The specific skills we employ in our sessions allow us to effectively guide our clients toward positive health behavior changes. Most of these Tips are devoted to strategies and skills.
In the right light, at the right time,
everything is extraordinary.
There are two ways of spreading light;
to be the candle or the mirror that reflects it.
Our way of being or our stance with clients also affects our ability to guide them toward a sustainable healthy lifestyle. Here we look at the overall spirit that pervades the most effective client interactions. This is the spirit of motivational interviewing as described in the most recent edition of Miller and Rollnick’s MI textbook (“Motivational Interviewing: Helping People Change,” Third Edition, The Guilford Press: 2013).
The spirit of MI is captured in four terms:
Partnership implies working together, working with and for the client. The old model of being the expert and telling the client what is best for her is one of the things we leave behind when we learn MI. We partner with our client to find the ways that she will uniquely walk down the path toward true health. We have information and advice that may be useful to the client. Our expertise is secondary to what the client knows about herself and to the process she will go through on her journey.
To understand acceptance, it can be further broken down:
Worth: A key tenant of MI is a rock-solid belief that the client has value and worth just for being alive. In nutrition counseling this includes that the worth is not tied to weight or lab values.
Empathy: This means accurately “getting” our client, truly seeing her world as she sees it. This part may be a challenge if much of what we hear is rooted in myths or fears. We can work to carefully hear how the client sees the world while also evoking deeper yearnings that come from a broader concept of health.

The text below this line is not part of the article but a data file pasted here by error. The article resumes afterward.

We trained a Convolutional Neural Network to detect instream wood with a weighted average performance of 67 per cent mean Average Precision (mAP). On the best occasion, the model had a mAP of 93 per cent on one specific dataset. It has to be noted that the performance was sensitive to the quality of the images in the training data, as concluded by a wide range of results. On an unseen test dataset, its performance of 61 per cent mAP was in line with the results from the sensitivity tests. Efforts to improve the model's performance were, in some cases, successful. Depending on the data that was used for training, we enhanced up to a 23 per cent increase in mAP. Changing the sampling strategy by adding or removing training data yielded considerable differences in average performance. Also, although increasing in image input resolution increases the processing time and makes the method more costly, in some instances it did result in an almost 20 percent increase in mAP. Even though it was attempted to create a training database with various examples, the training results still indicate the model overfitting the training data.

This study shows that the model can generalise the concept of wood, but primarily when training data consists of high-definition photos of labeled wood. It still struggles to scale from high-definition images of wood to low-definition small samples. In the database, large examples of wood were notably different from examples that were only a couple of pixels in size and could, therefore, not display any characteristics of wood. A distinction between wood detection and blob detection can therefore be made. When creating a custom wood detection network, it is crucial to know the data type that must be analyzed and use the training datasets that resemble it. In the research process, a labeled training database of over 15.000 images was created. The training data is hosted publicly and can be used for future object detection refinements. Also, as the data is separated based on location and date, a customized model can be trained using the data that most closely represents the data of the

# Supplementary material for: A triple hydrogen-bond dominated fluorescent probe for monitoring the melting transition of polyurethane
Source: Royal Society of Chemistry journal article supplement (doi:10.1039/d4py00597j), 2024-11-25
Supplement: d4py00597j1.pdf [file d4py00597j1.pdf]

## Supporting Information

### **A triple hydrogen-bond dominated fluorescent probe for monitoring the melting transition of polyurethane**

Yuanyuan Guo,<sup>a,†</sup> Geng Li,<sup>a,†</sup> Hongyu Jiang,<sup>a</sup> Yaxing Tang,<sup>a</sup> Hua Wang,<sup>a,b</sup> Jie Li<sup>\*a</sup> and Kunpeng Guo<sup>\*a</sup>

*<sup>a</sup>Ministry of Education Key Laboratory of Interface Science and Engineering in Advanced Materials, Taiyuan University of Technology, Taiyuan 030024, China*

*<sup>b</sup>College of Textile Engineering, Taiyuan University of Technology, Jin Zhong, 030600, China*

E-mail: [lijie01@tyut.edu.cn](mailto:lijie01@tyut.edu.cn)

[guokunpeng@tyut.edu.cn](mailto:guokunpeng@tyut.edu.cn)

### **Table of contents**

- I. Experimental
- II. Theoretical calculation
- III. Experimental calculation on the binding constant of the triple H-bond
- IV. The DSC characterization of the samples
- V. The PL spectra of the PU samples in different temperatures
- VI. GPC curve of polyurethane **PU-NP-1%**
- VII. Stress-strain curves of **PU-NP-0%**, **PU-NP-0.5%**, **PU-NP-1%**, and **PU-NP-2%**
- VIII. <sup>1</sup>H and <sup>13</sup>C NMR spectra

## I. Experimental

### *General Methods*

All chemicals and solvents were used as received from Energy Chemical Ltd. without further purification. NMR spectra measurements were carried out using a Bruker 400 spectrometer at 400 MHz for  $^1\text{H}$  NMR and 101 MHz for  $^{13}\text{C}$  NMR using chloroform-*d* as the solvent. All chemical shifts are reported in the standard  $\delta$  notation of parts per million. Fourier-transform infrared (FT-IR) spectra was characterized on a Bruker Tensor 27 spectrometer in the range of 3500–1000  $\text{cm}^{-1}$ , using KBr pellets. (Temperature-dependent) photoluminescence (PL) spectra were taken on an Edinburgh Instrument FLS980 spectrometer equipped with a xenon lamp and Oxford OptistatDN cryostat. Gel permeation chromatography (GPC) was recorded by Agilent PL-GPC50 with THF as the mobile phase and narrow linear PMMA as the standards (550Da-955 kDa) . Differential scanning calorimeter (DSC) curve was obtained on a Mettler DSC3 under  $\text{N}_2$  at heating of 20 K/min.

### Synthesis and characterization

Autonomy: This means accepting that all people have a right and ability to direct their own lives, make their own choices. Our clients can and will choose the path that seems right to them. If we attempt to force our view and beliefs on them, we will ultimately fail. This includes trying to force a specific way of eating.
Affirmation means intentionally choosing to focus on what is right and what is working. Adopting a strengths perspective is both respectful of our clients and most effective. It assumes that much of what a client is already doing is health-promoting and it encourages us to build on what is working already to guide the client toward health and self-esteem.
Compassion is not sympathy. It is being and acting fully for the benefit of the other person. We focus on the best interests of our clients, setting aside our interests. It takes into account the full person and all her best interests.
Evocation speaks to both the spirit with which we engage with a client as well as the process. An evocative spirit implies that the majority of the answers are in the client, not in us. By our words and actions we say to our clients that they have what is needed to move toward greater health and that together we will find it.